Border Talk: An Interview With Copper Canyon Poet Benjamin Alire Sáenz

Benjaminaliresaenz_2 A note from interviewer Farid Matuk: 

Former roofer, onion picker, janitor, theologian and Catholic priest, Benjamin Alire Sáenz [pictured] is now a prize winning essayist, novelist, poet, and activist passionately in love with El Paso and its people. I was drawn to his most recent collection of poems, "Elegies in Blue" (Cinco Puntos Press), because it is fundamentally a work about creating communities across boundaries of race, class, region, sexuality, and even history itself–a daring proposition at a time when our sense of a national community is being created at the expense of a hated “other”– an evil doer, a foreigner, a Muslim. For the past several months Sáenz and I have maintained a conversation about poetry and the varied communities in his hometown of El Paso. What follows are excerpts from that correspondence.

Farid Matuk: In your essay, “Notes from The City In Which I Live,” you write, “I am a writer. Somehow, by some great miracle, I have become a possessor of the word. I have learned, that through words, you can gain a small piece of the world.” Did education give you the word, did your family push you to search for it, or did the word find you?

Benjamin Alire Sáenz: I was born in 1954. My parents were not educated and our circumstances were humble, to say the least. Not one house I ever entered while I was growing up had libraries or books. Everyone worked hard, lived from paycheck to paycheck, had too many kids, too many debts, drove cars that were always breaking down. Needless to say, I do not have the same background as a W.H. Auden or a T.S. Eliot. This is not to say that I was not surrounded by civil and intelligent people. The community that taught me language–English and Spanish and Border Talk–that community gave me the word. It pains me to say this but the educational system in this country does not give people “the word.” We cannot use words if we do not know how to think–and that is the one thing that a standardized test cannot measure. And while education can and does open doors, it cannot give you a center from which to critique the dominant discourses and cultures around you.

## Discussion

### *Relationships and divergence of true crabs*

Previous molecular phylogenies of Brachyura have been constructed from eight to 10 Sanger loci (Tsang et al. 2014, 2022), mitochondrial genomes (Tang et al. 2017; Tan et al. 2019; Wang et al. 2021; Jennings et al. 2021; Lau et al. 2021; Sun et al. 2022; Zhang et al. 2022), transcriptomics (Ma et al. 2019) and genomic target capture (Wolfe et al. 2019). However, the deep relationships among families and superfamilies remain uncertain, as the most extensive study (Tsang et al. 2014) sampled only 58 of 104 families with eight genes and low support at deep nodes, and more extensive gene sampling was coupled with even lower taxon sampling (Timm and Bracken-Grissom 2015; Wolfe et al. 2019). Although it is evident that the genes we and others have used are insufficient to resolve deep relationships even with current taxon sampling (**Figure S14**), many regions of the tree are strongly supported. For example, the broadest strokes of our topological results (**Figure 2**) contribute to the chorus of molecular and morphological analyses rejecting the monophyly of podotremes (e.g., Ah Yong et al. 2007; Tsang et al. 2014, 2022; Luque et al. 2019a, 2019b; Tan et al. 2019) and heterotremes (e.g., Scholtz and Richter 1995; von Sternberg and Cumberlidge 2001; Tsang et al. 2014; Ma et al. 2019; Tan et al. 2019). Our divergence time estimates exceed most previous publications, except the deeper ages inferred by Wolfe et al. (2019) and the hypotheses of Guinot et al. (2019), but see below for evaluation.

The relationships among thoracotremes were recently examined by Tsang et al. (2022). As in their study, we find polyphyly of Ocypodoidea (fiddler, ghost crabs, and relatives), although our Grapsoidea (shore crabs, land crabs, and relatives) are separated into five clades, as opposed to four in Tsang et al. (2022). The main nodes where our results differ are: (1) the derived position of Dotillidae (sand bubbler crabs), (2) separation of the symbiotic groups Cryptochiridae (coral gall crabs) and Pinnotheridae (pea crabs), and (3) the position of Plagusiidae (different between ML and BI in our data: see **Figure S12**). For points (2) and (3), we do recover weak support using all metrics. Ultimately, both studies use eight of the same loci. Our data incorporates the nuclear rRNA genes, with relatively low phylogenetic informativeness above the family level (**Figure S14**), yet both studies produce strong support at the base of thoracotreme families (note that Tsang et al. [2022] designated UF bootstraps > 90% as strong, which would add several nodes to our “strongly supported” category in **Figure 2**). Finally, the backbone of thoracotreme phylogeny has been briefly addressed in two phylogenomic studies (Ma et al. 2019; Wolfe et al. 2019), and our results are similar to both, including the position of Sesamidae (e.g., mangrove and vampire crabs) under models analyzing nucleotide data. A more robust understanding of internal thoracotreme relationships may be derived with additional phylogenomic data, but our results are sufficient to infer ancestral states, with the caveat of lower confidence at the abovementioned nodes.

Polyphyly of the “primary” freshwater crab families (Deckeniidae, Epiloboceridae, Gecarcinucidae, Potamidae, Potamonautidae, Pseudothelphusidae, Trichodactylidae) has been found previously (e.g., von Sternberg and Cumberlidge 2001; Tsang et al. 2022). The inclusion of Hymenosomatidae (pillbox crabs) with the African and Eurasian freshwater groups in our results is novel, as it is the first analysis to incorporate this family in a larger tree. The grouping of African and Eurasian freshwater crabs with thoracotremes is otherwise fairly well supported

FM: Where do you ground your work–who do you imagine as your audience or audiences?

BAS: My work is grounded in the material world in which I live. I examine that world through literary genres–poetry, for instance. But I have as much allegiance to my subject matter as I do to a literary genre. I live in El Paso–and the desert and the border and its people are what I care about. I am sick to death of parachute journalists and sensationalists, and even other Chicanos who use the border as a subject to further their careers. The border is primarily a place and not a metaphor. It takes a long time to learn the complexities, the subtleties, and nuances of our lives and our situations.

It takes a long time to speak and know our language. But writers come in for the “Big Story.” Something terrible happens and they come. They ask questions, they take notes, they write something, they leave. And mostly their stories are shallow and not worth the paper they’re written on. I no longer speak to people who wish to come and speak to native informants so they can sell a cheap magazine article featuring the poor or so they can sell a glossy book to New York editors filled with drug lords and murders.

FM: Maybe because I’m an immigrant or because I grew up next to Disneyland or because I read too much post-modern theory in college, but it’s difficult for me to experience any place as “primarily a place and not a metaphor.” The idea that El Paso is the last “real” city in the United States, a comment rumored to have been made by the novelist Cormac McCarthy, kept ringing in my head while I visited your city. This is a particularly interesting time to be questioning ideas of real and metaphoric places since the Bush administration seems to have successfully traded a wholly metaphoric vision of the globe, a globe of good and evil, for our understanding of geography.

BAS: I don’t know whether Mr. McCarthy said that or not–although I’ve heard that particular quote attributed to him many times. I think it’s a rather backhanded compliment. It’s a romanticization of a space that is completely inappropriate. The border is a hard place to live. There is a great deal of poverty in El Paso/Juarez and I can’t imagine softening the great difficulties people have to endure just to survive day in and day out. I love El Paso–but I refuse to turn it into a nostalgic, romantic space inhabited by unsophisticated (if tough and interesting) denizens. And, anyway, every city is real. Labeling something “real” is a shorthand that tells me very little.